The riverbanks are lined with date palm trees, lush farmland and sandy mountains. Giggling children play on the shoreline, while fishermen and farmers work in the scorching sun and single-sailed feluccas gracefully glide along the calm waters.
No pyramids on the Nile
If you’ve read the book or watched the movie adaptations of Agatha Christie’s Death on the Nile, it may come as a surprise to learn that the pyramids cannot be viewed from the ship. This is because parts of the river dried up long ago.
When the Pyramids of Giza were built, an arm of the river conveniently extended to the construction site, but a land journey is now required to reach these icons of the Sahara Desert. Viking Cruises’ trip begins and ends in Cairo, with four days of coach tours to the Giza Plateau, as well as the National Museum of Egyptian Civilization, the Egyptian Museum, the 14th-century Khan el-Khalili bazaar and the Citadel of Salah El-Din, a medieval fortress from Islamic-era Cairo.
One day is devoted to the three most famous landmarks: the Step Pyramid of Djoser at Saqqara, believed to be the oldest pyramid of Egypt; the 4500-year-old Pyramids of Giza, a trio of tombs used for three pharaohs as they prepared to become gods in the afterlife; and the Great Sphinx (Abu al-Hol), erected to ward off their enemies.
To finally see the Great Pyramid of Giza, the only surviving Ancient Wonder of the World, is a breathtaking moment. As the biggest of the three, Pharaoh Khufu’s pyramid is almost 140 metres tall. Our first glimpse happens on the drive to the site, before we are dropped off within a two-minute walk of these massive monuments.
We climb upon the first rows of limestone blocks that are accessible to tourists, while the non-claustrophobic venture inside a narrow passageway to reach an empty chamber. About one kilometre away, the Sphinx reclines like a professional model for one big photo shoot, as everyone poses for the classic nose-to-nose shot.
Recent discoveries by archaeologists
These incredible structures may be renowned for their histories and mysteries, but the latest archaeological discoveries are increasingly exciting. In March, a hidden corridor was revealed inside the Great Pyramid; archaeologists are yet to determine its purpose or what lies beyond it.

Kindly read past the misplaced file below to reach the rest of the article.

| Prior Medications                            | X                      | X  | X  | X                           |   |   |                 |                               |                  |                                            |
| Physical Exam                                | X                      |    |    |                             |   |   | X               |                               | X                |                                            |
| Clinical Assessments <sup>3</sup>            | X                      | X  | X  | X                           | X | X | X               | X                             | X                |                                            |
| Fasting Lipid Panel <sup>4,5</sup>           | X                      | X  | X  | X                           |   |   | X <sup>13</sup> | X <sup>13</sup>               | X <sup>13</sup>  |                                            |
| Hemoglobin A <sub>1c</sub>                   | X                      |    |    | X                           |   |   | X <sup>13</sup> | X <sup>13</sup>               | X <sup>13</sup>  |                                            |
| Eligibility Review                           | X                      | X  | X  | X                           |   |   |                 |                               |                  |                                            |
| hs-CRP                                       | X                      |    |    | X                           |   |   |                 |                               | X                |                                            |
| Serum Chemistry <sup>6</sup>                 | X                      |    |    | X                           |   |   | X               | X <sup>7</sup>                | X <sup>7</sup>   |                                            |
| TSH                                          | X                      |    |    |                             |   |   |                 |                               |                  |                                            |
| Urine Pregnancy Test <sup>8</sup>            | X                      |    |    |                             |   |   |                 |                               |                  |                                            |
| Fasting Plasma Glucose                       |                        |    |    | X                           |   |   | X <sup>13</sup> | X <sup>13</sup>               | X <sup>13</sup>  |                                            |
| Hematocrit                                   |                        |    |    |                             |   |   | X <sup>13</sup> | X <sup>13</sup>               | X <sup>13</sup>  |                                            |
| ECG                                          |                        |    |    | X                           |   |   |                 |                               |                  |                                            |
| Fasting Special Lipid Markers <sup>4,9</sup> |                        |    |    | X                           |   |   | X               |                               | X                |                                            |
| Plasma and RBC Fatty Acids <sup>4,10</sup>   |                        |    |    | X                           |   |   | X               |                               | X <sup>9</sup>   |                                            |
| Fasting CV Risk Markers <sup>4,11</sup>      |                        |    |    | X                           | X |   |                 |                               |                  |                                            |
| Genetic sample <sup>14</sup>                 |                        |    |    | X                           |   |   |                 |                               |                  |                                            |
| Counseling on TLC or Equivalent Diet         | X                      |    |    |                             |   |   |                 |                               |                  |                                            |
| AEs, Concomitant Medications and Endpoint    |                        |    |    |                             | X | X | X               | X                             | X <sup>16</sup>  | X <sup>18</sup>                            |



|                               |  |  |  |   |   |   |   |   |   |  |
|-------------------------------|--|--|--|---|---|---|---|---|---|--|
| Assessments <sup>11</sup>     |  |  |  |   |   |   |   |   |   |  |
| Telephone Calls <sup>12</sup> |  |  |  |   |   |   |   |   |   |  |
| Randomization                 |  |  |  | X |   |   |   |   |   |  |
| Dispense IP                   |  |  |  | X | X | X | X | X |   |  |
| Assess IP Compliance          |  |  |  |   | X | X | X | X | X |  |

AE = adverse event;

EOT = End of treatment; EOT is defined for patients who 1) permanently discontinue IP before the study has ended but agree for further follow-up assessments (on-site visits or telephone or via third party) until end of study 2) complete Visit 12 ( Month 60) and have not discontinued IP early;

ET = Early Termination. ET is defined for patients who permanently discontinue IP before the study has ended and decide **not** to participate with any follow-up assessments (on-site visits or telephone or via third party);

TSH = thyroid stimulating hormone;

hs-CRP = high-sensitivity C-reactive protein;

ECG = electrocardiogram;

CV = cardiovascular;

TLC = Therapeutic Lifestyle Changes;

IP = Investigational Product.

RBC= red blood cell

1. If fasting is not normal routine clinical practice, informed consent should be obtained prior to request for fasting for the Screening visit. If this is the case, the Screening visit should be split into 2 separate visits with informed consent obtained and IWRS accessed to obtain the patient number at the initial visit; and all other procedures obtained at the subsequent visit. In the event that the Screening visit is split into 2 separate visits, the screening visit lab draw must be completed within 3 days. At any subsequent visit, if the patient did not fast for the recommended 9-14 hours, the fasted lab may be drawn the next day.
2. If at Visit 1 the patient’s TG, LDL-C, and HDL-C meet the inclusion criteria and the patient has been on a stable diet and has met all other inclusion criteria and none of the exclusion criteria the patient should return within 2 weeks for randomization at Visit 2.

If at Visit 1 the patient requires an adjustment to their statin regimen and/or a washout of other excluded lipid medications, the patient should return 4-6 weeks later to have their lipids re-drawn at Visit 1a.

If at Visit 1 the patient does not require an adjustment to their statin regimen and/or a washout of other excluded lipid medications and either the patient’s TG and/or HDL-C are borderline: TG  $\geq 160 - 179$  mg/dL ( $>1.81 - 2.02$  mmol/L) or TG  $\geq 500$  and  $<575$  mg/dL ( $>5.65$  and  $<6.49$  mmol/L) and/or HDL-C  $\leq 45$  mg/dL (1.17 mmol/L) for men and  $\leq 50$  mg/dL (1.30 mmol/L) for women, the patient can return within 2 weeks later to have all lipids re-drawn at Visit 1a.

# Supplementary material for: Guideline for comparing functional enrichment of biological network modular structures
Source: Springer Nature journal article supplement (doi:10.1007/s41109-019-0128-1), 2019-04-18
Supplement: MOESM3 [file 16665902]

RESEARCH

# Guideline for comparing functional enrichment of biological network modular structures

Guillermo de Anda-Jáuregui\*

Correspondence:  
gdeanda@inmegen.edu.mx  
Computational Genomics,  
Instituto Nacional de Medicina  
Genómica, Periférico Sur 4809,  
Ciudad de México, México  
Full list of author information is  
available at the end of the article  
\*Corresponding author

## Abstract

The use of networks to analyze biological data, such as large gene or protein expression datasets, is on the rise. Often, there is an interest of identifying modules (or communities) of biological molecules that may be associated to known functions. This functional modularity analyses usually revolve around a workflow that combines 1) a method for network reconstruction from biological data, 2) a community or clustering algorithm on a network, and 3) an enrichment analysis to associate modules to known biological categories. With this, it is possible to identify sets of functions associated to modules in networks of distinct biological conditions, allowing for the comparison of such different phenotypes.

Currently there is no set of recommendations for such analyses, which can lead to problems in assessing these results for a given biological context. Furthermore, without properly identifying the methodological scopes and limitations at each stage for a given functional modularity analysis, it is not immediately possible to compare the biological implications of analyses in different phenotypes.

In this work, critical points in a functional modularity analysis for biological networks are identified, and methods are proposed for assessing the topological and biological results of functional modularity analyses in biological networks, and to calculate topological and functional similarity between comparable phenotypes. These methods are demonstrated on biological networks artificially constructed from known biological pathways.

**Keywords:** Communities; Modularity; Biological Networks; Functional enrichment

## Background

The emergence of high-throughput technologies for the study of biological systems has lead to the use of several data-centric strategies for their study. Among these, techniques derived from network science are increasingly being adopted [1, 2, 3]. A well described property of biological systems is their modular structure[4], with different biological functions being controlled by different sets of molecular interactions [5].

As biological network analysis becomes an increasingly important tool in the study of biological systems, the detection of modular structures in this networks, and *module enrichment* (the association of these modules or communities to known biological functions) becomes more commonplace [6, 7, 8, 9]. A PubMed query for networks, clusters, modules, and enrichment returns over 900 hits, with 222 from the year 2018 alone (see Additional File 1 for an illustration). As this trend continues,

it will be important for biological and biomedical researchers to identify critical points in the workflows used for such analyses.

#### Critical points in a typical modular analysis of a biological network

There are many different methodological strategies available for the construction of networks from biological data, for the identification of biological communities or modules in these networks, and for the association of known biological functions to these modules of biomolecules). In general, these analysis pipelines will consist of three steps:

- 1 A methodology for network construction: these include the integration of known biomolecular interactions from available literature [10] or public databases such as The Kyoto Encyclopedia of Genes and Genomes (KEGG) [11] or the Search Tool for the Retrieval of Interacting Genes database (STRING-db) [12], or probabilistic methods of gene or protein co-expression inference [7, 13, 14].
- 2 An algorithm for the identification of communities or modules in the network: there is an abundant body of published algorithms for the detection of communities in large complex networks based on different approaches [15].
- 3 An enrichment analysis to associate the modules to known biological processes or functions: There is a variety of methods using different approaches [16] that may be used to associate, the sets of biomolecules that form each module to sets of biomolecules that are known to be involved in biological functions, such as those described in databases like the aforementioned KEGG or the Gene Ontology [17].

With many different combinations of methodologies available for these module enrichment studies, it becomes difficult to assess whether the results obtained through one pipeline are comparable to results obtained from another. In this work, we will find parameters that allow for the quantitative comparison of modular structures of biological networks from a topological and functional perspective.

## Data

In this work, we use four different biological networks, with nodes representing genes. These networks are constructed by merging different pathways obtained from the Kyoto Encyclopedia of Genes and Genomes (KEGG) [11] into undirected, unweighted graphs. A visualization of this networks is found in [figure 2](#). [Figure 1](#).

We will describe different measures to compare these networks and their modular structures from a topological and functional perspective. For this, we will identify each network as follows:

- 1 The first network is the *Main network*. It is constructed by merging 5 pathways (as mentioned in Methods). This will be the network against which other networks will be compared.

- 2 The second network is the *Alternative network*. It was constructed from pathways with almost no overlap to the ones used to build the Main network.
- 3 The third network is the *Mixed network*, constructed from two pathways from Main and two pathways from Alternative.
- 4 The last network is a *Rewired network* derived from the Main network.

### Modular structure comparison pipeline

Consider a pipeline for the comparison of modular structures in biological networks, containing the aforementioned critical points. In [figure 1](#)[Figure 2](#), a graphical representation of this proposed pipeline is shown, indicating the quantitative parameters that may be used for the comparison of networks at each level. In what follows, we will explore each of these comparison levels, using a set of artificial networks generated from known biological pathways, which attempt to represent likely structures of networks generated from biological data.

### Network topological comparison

In January, a series of significant tombs was unveiled after a year-long excavation at the Saqqara necropolis. The team discovered a wealthy man of unknown origins, known as Hekashepes – the oldest complete mummy covered with gold ever found – in a sealed sarcophagus. Among other findings were tombs belonging to a palace official and a priest from the 5th Dynasty of the Old Kingdom.
Our knowledgeable guide, Walid, predicts Saqqara will become “the new Valley of the Kings” this year, due to the discoveries occurring almost every week. To know that priceless antiquities may be buried centimetres beneath our feet adds a thrill to every step we take. Listening to the commentary, we feel our fascination deepened by the connection of Egypt’s ancient history to these modern breakthroughs, bringing the past into the present.
Grand Egyptian Museum
The flurry of findings at Saqqara and the national restoration works – especially the reopening of the Avenue of Sphinxes and the revamp of Tutankhamun’s tomb – might make up for the delayed Grand Egyptian Museum. Two decades since this major project was announced, GEM’s opening date has again been postponed to ‘late 2023’.
Located next to the pyramids, it will be the world’s largest archaeological museum complex, containing more than 100,000 artefacts from Egypt’s pharaonic, Greek and Roman periods. The most anticipated exhibit is King Tut’s entire collection of treasures on display for the first time.